- Any engagement with IT should be frictionless and, ideally, personalized. This essentially means replicating the concepts we have seen in the B2C world. Employees expect IT to understand who they are and fit their structure around employee needs.
A two-pronged approach to meeting employees’ expectations
In the context of the above expectations, I see two approaches to address, either strategically or within tactical efforts, these needs:
1. Persona-driven evolution
The first one is the attempt to profile employees and associate them with personas, around which IT then starts to configure ecosystems, ranging from devices, software products, systems, services structure and associated processes.
This is one of IT’s most preferred user experience enhancement approaches, because it provides them, among many other benefits, with predictability regarding workplace evolution.
However, it is also one of the approaches that fails very frequently for three reasons:
- While many of the persona mapping programs are launched as a 360-degree, profiling-centric exercise, it usually ends after arriving at a set of basic definitions/rules centered on user devices, user software and some service access entitlements. It very rarely goes and touches on processes and workplace journey transformations, which continue to remain one the most friction-full components of the user experience.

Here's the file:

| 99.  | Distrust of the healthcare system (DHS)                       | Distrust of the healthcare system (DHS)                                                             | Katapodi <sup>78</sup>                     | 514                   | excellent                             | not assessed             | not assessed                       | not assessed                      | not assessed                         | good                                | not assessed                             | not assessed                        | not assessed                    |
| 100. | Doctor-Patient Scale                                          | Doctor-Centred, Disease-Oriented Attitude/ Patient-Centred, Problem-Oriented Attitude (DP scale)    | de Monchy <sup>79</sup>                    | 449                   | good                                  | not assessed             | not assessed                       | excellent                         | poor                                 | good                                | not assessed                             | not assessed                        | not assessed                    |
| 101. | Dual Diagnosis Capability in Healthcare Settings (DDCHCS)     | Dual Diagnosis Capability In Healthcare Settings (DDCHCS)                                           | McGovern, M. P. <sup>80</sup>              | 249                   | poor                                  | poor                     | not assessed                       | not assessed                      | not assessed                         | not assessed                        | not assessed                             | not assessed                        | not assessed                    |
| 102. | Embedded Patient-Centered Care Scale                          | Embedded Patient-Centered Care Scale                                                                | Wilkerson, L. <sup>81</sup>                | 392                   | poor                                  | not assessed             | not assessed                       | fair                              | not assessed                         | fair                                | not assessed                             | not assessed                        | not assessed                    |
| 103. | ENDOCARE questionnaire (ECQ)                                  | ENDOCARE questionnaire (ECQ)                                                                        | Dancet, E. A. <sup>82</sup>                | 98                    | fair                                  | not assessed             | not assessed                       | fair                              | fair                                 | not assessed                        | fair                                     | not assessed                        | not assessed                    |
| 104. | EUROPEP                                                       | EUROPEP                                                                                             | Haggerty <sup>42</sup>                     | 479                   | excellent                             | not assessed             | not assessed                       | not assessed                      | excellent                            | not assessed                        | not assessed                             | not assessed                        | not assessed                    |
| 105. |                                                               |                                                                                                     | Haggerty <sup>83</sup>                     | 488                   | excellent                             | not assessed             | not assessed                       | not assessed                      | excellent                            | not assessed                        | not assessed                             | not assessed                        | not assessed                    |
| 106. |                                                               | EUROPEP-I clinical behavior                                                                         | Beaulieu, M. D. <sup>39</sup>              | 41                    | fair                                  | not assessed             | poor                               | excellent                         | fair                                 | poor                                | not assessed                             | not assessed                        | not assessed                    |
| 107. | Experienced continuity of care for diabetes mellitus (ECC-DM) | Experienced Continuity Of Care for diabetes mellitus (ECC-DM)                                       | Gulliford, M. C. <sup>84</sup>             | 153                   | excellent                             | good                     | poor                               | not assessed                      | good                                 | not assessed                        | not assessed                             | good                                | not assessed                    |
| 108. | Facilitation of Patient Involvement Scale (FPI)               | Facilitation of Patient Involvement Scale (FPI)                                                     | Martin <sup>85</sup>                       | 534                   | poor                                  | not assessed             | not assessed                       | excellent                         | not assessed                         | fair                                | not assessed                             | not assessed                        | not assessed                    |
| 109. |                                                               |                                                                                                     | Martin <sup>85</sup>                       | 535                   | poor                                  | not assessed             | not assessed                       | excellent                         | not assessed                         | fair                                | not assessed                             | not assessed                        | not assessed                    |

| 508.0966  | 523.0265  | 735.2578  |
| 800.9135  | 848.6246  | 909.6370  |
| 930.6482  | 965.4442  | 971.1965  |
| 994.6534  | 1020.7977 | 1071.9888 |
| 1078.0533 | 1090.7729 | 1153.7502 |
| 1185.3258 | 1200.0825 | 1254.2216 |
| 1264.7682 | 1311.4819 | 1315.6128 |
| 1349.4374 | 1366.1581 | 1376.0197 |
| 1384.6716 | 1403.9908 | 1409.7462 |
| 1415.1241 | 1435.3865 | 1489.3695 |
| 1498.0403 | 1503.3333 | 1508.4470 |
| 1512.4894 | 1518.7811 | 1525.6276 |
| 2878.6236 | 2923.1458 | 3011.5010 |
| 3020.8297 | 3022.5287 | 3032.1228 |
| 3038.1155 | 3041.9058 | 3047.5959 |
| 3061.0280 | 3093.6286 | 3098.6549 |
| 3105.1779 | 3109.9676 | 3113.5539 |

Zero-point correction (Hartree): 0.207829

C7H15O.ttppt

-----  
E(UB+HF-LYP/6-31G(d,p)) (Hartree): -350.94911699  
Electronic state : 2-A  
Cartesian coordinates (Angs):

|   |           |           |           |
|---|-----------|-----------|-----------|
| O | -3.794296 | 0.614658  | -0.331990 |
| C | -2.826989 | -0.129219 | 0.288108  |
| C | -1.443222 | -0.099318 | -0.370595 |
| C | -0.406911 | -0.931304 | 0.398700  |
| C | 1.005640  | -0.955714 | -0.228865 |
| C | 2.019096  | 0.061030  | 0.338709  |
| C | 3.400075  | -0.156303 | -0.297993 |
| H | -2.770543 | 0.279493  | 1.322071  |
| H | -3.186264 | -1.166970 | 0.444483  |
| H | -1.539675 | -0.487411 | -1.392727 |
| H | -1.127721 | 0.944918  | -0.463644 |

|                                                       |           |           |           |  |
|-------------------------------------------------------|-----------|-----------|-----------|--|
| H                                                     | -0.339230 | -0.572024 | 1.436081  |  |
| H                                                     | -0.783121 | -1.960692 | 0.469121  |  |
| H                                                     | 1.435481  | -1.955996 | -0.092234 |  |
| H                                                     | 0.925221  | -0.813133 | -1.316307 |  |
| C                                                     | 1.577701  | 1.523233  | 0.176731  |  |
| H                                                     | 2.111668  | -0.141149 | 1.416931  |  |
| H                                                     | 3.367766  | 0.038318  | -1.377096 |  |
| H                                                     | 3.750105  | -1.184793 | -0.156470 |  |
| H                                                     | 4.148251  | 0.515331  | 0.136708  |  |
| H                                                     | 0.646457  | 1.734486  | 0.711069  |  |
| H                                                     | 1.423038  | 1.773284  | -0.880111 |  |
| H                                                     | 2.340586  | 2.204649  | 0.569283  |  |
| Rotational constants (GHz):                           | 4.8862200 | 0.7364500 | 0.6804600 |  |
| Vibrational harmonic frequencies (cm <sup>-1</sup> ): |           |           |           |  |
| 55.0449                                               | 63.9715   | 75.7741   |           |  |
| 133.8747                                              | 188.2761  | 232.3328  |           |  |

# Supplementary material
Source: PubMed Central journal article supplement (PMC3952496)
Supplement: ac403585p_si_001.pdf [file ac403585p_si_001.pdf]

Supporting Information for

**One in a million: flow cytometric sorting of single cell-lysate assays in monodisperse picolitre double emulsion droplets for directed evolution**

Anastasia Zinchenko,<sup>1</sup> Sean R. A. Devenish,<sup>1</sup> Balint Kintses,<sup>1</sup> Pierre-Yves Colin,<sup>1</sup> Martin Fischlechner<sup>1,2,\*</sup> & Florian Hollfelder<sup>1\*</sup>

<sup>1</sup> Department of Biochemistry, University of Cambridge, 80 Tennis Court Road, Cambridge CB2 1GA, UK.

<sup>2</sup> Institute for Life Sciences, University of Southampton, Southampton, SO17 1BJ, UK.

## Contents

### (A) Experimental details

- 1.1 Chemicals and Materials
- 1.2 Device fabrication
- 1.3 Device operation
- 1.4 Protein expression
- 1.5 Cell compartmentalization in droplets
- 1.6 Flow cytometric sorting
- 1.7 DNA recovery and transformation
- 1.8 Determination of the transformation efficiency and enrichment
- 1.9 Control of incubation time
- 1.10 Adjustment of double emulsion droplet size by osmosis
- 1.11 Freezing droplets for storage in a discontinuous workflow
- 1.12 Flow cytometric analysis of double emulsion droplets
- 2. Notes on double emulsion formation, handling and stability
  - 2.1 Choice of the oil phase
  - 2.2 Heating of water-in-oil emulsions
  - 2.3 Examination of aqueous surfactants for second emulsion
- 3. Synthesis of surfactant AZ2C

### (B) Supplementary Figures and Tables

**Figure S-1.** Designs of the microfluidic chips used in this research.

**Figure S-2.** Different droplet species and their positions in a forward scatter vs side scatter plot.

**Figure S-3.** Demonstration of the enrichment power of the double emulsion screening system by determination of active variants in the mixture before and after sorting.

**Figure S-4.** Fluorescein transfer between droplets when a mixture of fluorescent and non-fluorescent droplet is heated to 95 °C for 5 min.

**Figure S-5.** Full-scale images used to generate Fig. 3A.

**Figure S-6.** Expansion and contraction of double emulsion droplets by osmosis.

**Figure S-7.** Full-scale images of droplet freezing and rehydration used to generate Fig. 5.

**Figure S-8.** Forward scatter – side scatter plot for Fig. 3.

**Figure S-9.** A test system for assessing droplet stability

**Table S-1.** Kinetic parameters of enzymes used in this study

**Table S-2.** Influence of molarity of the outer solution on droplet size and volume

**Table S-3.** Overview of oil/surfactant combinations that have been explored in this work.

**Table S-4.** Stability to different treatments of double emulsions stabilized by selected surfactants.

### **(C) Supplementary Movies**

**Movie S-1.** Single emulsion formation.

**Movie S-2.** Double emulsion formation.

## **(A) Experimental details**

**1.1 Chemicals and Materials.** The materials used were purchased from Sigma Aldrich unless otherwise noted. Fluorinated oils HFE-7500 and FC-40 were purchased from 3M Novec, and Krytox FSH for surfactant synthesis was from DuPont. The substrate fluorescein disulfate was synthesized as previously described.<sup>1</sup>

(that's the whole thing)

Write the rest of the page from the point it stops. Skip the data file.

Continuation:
- Persona mapping tends to be a one-off, point-in-time exercise, never to be repeated any time soon or at least re-baselined on a regular basis. This inherently means that over a short period of time, all the definitions become inaccurate. Employees are expected to evolve within the construct of their personas, despite changing needs, and so remain confined in a definition that induces constraints.
- Strictly correlated with the reason above is the inability to address “real-time” persona changes. More simply put, we’re talking about situations where a subset of users requires a different set of IT services for periods of time. Often, they’re not entitled to these services based on the “standard” definition. The best example here is represented by departments such as finance or accounting which, due to events like end of month, quarter or year, have different needs from IT at different times.
2. An ungoverned approach
The other approach, more rarely taken, is to provide ungoverned choice. In this model, IT essentially opens the door to employees and provides them with anything they desire, whether we talk about devices, software, systems, processes or engagement models. While this model appeals to end users, it has often created a conflict with some of the key mandates of IT, the most prominent of which is cost efficiency.
Which road should you take?
The right answer for any enterprise usually consists of a combination of these two models. In my next blog, I’ll be exploring how to strike the right balance in your approach to ensure success.